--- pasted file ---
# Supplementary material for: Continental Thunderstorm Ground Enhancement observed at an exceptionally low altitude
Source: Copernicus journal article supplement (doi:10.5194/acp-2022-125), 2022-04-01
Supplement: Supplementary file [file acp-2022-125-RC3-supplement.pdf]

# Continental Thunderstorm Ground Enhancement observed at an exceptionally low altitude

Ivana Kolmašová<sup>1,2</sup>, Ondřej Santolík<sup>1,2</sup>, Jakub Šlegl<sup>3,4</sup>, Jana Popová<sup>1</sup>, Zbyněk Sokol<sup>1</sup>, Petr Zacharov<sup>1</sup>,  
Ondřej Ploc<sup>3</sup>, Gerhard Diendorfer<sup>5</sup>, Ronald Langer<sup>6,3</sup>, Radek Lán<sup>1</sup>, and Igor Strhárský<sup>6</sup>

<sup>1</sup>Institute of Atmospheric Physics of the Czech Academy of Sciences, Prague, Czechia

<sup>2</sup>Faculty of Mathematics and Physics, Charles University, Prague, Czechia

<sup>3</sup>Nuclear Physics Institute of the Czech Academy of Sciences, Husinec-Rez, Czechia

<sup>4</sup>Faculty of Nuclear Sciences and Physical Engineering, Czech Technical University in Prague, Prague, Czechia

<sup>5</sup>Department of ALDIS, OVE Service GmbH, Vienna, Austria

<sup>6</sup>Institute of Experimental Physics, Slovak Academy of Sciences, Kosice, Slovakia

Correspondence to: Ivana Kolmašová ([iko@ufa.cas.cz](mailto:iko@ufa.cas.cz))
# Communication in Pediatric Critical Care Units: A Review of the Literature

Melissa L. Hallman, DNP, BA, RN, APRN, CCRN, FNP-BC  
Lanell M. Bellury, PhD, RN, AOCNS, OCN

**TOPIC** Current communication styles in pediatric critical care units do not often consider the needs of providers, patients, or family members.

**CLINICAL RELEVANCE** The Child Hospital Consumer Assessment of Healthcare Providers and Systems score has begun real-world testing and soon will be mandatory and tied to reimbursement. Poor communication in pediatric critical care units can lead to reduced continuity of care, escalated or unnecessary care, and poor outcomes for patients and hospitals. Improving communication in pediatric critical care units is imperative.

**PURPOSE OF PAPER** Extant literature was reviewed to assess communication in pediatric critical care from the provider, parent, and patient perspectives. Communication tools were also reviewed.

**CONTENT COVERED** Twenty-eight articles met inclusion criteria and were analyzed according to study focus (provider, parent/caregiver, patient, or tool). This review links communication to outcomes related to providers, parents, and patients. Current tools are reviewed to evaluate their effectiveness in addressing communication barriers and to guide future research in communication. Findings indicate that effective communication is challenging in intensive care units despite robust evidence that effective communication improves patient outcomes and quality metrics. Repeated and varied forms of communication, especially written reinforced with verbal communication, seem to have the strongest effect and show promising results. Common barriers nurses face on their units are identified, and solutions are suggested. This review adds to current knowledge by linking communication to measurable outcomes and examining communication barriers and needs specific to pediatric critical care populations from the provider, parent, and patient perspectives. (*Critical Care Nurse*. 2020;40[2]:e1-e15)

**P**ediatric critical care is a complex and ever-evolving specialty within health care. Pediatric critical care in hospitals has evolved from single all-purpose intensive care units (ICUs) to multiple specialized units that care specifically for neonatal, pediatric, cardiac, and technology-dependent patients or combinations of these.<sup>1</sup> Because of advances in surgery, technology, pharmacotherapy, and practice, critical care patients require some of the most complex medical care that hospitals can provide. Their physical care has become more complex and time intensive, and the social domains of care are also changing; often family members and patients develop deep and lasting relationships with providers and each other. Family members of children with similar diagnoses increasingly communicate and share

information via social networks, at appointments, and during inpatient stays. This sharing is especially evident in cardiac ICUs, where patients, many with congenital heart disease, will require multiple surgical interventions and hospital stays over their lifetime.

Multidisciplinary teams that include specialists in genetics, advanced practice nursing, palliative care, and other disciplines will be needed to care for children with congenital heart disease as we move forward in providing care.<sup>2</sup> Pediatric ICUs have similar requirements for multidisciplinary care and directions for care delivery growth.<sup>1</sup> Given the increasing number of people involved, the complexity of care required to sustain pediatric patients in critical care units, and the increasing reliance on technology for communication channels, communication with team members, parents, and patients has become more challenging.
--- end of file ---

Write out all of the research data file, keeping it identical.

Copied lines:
# Supplementary material for: Continental Thunderstorm Ground Enhancement observed at an exceptionally low altitude
Source: Copernicus journal article supplement (doi:10.5194/acp-2022-125), 2022-04-01
Supplement: Supplementary file [file acp-2022-125-RC3-supplement.pdf]

# Continental Thunderstorm Ground Enhancement observed at an exceptionally low altitude

Ivana Kolmašová<sup>1,2</sup>, Ondřej Santolík<sup>1,2</sup>, Jakub Šlegl<sup>3,4</sup>, Jana Popová<sup>1</sup>, Zbyněk Sokol<sup>1</sup>, Petr Zacharov<sup>1</sup>,  
Ondřej Ploc<sup>3</sup>, Gerhard Diendorfer<sup>5</sup>, Ronald Langer<sup>6,3</sup>, Radek Lán<sup>1</sup>, and Igor Strhárský<sup>6</sup>

<sup>1</sup>Institute of Atmospheric Physics of the Czech Academy of Sciences, Prague, Czechia

<sup>2</sup>Faculty of Mathematics and Physics, Charles University, Prague, Czechia

<sup>3</sup>Nuclear Physics Institute of the Czech Academy of Sciences, Husinec-Rez, Czechia

<sup>4</sup>Faculty of Nuclear Sciences and Physical Engineering, Czech Technical University in Prague, Prague, Czechia

<sup>5</sup>Department of ALDIS, OVE Service GmbH, Vienna, Austria

<sup>6</sup>Institute of Experimental Physics, Slovak Academy of Sciences, Kosice, Slovakia

Correspondence to: Ivana Kolmašová ([iko@ufa.cas.cz](mailto:iko@ufa.cas.cz))
# Communication in Pediatric Critical Care Units: A Review of the Literature

Melissa L. Hallman, DNP, BA, RN, APRN, CCRN, FNP-BC  
Lanell M. Bellury, PhD, RN, AOCNS, OCN

**TOPIC** Current communication styles in pediatric critical care units do not often consider the needs of providers, patients, or family members.

**CLINICAL RELEVANCE** The Child Hospital Consumer Assessment of Healthcare Providers and Systems score has begun real-world testing and soon will be mandatory and tied to reimbursement. Poor communication in pediatric critical care units can lead to reduced continuity of care, escalated or unnecessary care, and poor outcomes for patients and hospitals. Improving communication in pediatric critical care units is imperative.

**PURPOSE OF PAPER** Extant literature was reviewed to assess communication in pediatric critical care from the provider, parent, and patient perspectives. Communication tools were also reviewed.

**CONTENT COVERED** Twenty-eight articles met inclusion criteria and were analyzed according to study focus (provider, parent/caregiver, patient, or tool). This review links communication to outcomes related to providers, parents, and patients. Current tools are reviewed to evaluate their effectiveness in addressing communication barriers and to guide future research in communication. Findings indicate that effective communication is challenging in intensive care units despite robust evidence that effective communication improves patient outcomes and quality metrics. Repeated and varied forms of communication, especially written reinforced with verbal communication, seem to have the strongest effect and show promising results. Common barriers nurses face on their units are identified, and solutions are suggested. This review adds to current knowledge by linking communication to measurable outcomes and examining communication barriers and needs specific to pediatric critical care populations from the provider, parent, and patient perspectives. (*Critical Care Nurse*. 2020;40[2]:e1-e15)

**P**ediatric critical care is a complex and ever-evolving specialty within health care. Pediatric critical care in hospitals has evolved from single all-purpose intensive care units (ICUs) to multiple specialized units that care specifically for neonatal, pediatric, cardiac, and technology-dependent patients or combinations of these.<sup>1</sup> Because of advances in surgery, technology, pharmacotherapy, and practice, critical care patients require some of the most complex medical care that hospitals can provide. Their physical care has become more complex and time intensive, and the social domains of care are also changing; often family members and patients develop deep and lasting relationships with providers and each other. Family members of children with similar diagnoses increasingly communicate and share

information via social networks, at appointments, and during inpatient stays. This sharing is especially evident in cardiac ICUs, where patients, many with congenital heart disease, will require multiple surgical interventions and hospital stays over their lifetime.

Multidisciplinary teams that include specialists in genetics, advanced practice nursing, palliative care, and other disciplines will be needed to care for children with congenital heart disease as we move forward in providing care.<sup>2</sup> Pediatric ICUs have similar requirements for multidisciplinary care and directions for care delivery growth.<sup>1</sup> Given the increasing number of people involved, the complexity of care required to sustain pediatric patients in critical care units, and the increasing reliance on technology for communication channels, communication with team members, parents, and patients has become more challenging.